Scattering of an entropy disturbance into sound by a symmetric thin body

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The interaction of a convecting entropy disturbance, such as generated by a gas turbine combustor, with a solid object is known to generate sound. The sound generation is due to the (i) acceleration of the convected disturbance by the mean flow and (ii) satisfaction of the wall-boundary condition on the object. This process, which leads to the so-called indirect combustion noise, is known to be present in modern gas turbine engines but its specific details are not known, including its overall contribution to the acoustic signature of the engine and its influence on the combustor. Computational and analytical results are presented to examine the sound field created by a localized entropy disturbance convecting in the vicinity of a symmetric thin body. Unsteady calculations of the compressible Euler equations are used to directly compute the radiated sound. Rapid distortion theory is used to develop the relevant scalings of the sound source and, when combined with a low-frequency Green's function, to estimate the dominant radiated field. It is found that the source structure is dominated by a streamwise-oriented dipole, with the most important interactions occurring near the stagnation points.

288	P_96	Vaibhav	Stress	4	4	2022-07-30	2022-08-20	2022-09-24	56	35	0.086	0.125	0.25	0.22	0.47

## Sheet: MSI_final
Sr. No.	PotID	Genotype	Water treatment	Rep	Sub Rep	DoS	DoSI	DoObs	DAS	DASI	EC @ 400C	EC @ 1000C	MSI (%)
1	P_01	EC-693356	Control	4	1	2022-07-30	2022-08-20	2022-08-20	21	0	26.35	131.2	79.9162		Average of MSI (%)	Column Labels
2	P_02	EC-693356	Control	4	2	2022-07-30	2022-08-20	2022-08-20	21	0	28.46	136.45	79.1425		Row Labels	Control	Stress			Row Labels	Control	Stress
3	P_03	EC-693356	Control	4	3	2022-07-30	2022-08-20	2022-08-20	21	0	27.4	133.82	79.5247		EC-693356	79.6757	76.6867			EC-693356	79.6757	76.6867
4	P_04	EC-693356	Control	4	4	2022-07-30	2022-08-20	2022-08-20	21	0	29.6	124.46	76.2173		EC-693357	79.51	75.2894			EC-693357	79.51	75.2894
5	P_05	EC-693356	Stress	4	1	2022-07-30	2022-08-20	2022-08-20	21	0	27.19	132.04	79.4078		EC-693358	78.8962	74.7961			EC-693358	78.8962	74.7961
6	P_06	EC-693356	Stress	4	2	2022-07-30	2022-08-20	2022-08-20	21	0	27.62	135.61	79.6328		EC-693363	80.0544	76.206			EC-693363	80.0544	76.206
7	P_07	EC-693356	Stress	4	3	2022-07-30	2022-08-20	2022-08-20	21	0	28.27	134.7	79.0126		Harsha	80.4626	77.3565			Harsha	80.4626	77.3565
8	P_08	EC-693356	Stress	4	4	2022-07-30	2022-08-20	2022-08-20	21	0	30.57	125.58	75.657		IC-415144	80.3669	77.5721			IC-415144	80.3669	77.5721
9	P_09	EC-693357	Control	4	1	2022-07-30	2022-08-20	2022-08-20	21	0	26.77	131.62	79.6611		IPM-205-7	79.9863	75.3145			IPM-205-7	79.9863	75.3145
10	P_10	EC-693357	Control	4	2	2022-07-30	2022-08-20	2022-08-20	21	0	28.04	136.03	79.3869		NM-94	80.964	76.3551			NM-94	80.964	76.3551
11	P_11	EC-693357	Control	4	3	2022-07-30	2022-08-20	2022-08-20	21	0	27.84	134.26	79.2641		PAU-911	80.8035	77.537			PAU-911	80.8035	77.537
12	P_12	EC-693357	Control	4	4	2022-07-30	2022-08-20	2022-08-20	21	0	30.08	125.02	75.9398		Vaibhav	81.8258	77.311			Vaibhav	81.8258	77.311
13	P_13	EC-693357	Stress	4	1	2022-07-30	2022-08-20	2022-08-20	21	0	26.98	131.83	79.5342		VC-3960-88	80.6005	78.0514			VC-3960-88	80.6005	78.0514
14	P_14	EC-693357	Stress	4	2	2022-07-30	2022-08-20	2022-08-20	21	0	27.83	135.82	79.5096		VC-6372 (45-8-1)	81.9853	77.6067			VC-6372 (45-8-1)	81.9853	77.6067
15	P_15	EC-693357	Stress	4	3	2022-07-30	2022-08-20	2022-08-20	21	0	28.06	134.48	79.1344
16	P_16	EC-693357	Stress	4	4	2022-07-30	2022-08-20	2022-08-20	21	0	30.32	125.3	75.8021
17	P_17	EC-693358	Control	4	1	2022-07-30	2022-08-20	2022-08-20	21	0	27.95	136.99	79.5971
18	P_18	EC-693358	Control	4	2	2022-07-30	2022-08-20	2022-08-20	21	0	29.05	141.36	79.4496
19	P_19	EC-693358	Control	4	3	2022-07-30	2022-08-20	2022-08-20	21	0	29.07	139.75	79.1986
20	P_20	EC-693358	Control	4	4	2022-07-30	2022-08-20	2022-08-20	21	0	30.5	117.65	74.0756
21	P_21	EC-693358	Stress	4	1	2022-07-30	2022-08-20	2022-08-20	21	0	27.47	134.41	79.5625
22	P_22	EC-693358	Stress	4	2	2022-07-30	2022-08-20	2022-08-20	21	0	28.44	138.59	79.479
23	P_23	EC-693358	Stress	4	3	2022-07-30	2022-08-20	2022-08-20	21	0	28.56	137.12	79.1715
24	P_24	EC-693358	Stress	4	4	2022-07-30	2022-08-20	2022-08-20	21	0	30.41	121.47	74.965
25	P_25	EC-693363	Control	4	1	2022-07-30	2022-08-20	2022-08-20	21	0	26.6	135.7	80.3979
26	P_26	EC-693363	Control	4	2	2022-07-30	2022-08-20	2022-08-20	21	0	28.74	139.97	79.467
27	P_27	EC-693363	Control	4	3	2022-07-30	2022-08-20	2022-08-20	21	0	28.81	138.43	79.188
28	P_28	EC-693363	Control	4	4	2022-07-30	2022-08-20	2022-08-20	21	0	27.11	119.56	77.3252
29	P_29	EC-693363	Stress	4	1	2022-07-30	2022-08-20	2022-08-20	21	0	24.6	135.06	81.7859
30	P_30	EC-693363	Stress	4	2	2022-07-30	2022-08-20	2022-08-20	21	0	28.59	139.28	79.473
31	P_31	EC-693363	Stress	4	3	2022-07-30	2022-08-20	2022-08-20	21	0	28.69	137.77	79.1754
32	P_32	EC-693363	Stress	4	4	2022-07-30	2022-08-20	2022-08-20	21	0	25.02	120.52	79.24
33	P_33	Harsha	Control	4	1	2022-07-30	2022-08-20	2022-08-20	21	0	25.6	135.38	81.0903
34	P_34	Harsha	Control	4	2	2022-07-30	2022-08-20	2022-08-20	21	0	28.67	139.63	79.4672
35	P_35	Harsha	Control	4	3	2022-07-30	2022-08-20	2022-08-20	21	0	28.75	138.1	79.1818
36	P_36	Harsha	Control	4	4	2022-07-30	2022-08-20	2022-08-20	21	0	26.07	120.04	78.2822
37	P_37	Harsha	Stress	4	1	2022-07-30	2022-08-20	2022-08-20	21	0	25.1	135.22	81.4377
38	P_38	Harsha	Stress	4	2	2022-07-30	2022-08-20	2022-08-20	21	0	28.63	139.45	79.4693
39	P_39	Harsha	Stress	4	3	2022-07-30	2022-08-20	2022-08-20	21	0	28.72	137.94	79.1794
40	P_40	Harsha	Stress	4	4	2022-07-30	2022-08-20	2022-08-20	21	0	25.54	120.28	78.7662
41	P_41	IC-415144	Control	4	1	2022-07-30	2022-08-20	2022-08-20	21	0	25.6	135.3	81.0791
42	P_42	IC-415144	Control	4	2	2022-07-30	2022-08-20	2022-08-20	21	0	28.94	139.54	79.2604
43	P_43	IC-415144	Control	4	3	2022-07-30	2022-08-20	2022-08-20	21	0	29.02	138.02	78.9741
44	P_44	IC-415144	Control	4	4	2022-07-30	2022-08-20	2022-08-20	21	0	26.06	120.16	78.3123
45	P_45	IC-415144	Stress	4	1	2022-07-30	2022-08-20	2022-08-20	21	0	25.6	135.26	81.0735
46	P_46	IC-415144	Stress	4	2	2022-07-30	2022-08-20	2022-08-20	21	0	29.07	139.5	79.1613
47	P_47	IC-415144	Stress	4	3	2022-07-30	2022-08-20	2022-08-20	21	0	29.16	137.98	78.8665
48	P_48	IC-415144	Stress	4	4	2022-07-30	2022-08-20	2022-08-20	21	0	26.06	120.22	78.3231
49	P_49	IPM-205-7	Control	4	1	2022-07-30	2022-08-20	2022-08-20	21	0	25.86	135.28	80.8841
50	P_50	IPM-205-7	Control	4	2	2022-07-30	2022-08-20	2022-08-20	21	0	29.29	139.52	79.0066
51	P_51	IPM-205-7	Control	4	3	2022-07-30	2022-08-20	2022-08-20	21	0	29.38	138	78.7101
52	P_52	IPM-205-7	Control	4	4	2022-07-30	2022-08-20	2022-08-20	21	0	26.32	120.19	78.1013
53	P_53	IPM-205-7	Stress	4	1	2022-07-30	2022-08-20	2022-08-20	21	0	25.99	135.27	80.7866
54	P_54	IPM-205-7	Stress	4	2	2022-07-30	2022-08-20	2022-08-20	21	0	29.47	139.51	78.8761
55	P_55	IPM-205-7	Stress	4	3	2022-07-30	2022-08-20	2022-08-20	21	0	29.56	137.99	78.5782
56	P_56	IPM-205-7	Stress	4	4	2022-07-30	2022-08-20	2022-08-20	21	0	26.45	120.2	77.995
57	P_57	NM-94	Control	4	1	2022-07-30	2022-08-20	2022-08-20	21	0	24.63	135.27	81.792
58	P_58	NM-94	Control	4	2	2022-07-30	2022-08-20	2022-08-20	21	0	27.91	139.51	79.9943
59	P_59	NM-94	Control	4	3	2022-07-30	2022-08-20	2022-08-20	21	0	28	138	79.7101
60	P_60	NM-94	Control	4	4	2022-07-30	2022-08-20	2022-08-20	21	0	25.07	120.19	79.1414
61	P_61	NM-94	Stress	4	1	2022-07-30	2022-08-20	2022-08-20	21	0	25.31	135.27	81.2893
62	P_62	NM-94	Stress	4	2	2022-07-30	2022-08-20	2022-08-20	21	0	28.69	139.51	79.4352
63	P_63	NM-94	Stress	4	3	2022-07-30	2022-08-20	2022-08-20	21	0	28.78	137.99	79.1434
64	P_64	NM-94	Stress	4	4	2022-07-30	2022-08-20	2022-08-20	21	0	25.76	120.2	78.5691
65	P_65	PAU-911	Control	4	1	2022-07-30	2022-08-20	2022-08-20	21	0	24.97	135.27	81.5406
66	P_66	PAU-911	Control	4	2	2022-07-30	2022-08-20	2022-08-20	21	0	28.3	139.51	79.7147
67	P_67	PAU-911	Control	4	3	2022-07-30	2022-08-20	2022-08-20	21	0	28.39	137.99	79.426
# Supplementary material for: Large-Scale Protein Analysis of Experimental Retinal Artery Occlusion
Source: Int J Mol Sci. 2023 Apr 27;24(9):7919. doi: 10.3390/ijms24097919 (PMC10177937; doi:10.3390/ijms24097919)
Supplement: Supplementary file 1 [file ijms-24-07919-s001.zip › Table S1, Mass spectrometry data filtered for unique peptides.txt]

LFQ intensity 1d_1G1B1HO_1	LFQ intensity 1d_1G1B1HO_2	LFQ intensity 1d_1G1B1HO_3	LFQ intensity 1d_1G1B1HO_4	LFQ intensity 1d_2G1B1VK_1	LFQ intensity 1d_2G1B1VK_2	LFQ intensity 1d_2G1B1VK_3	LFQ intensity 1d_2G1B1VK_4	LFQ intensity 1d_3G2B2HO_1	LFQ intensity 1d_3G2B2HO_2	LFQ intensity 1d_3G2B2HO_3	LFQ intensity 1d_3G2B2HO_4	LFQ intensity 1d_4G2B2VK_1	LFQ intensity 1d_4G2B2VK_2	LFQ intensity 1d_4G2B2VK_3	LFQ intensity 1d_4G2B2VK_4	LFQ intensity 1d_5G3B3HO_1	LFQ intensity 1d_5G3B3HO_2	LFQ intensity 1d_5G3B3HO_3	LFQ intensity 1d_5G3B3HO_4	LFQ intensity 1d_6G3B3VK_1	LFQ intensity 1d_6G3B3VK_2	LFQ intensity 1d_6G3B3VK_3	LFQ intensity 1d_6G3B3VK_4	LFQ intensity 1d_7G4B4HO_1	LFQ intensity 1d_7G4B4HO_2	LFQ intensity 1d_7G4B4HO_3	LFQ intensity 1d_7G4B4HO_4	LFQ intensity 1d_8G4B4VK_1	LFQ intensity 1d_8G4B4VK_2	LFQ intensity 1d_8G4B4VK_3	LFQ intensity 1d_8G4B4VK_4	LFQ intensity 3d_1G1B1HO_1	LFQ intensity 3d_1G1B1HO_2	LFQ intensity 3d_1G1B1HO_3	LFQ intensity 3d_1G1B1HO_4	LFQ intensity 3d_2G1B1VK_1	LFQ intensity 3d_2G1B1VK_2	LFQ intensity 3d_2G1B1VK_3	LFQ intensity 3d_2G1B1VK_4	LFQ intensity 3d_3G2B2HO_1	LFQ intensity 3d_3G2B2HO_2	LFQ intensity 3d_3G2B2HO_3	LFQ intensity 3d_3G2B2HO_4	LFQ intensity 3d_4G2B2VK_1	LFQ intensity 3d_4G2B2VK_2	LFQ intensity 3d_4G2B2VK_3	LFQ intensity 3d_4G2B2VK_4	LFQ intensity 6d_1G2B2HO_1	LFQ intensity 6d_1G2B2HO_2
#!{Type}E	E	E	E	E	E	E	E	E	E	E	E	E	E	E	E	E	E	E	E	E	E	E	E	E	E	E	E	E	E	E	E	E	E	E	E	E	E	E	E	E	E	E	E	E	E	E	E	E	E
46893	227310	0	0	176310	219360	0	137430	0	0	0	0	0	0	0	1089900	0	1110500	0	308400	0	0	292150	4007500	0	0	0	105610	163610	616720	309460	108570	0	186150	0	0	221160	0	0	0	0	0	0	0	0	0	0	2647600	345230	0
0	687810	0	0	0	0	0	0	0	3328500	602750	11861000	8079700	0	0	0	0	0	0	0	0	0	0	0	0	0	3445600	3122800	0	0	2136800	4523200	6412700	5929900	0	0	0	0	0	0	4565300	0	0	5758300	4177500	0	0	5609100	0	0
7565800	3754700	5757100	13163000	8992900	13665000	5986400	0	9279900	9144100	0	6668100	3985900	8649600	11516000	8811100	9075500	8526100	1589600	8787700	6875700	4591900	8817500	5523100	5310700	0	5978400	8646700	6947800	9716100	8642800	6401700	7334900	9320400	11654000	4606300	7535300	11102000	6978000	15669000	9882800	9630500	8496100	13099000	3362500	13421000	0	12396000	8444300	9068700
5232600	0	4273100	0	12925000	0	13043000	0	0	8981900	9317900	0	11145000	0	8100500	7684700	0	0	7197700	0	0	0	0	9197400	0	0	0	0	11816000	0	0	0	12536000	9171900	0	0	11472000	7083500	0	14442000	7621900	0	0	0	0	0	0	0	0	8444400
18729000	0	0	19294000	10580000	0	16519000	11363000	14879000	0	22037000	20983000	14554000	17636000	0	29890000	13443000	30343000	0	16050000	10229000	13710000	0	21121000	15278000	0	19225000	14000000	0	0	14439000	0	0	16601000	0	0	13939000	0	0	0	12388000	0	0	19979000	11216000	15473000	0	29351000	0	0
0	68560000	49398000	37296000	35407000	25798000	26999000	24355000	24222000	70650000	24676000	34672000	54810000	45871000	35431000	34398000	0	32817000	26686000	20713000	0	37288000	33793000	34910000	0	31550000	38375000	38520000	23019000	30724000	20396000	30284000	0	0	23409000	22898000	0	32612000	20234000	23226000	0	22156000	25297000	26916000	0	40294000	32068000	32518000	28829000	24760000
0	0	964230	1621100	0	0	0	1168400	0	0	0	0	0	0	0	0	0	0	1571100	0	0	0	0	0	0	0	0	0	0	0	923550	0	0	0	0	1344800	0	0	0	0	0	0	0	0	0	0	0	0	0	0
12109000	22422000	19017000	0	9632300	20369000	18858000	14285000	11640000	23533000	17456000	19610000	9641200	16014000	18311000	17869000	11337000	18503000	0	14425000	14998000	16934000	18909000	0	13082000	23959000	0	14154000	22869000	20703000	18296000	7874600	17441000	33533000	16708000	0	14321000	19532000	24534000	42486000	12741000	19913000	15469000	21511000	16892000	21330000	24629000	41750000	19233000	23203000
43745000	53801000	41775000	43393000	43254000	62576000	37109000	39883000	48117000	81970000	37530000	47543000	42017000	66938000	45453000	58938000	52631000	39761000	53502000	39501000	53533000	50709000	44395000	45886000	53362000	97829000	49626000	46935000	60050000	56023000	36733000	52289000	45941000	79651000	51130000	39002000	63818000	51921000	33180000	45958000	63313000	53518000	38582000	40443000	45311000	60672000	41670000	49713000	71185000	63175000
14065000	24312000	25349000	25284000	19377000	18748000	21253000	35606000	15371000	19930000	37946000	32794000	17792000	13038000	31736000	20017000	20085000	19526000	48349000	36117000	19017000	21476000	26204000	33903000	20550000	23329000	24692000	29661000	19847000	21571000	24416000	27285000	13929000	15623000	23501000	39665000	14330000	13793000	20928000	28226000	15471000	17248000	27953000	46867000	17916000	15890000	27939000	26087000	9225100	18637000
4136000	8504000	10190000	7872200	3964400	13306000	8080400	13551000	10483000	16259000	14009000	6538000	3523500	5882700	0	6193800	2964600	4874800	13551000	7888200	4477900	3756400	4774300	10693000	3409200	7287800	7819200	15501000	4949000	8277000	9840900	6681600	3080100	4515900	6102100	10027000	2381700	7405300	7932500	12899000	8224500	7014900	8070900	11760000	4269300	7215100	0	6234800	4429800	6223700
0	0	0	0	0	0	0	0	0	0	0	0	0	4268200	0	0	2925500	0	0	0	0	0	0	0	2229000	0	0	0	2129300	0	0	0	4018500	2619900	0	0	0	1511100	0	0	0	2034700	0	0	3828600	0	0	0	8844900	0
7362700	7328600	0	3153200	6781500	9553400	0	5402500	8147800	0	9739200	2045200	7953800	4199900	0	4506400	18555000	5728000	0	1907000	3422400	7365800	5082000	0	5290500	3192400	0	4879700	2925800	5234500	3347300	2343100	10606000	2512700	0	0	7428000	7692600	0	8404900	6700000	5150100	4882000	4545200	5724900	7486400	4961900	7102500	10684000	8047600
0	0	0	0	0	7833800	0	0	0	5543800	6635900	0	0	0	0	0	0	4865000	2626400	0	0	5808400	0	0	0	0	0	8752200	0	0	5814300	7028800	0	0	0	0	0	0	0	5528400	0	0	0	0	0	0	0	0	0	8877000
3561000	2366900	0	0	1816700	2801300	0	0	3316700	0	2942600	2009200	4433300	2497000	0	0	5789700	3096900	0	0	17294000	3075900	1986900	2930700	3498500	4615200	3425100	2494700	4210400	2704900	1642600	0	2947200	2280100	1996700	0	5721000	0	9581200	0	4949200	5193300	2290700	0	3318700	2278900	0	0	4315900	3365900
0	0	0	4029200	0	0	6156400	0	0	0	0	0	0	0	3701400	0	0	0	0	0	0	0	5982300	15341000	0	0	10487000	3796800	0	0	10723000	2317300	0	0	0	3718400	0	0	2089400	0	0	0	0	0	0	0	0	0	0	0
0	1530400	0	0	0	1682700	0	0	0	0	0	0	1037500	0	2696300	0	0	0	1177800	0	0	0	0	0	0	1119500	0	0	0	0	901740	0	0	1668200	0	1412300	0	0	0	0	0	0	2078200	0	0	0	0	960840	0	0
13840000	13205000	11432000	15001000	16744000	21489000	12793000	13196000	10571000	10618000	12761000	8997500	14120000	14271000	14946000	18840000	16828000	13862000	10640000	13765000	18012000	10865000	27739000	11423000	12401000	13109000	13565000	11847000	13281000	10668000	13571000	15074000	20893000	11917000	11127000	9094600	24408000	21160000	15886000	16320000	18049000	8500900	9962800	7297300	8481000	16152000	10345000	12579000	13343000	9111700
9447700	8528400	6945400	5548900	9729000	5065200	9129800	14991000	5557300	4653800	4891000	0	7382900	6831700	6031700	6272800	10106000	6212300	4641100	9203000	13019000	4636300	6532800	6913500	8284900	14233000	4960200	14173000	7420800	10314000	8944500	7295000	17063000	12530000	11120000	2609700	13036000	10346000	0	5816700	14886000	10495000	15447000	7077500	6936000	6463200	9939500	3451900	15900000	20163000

Original languageEnglish (US)
Article number096101
JournalPhysics of fluids
Issue number9
StatePublished - 2009

ASJC Scopus subject areas

  • Computational Mechanics
  • Condensed Matter Physics
  • Mechanics of Materials
  • Mechanical Engineering
  • Fluid Flow and Transfer Processes


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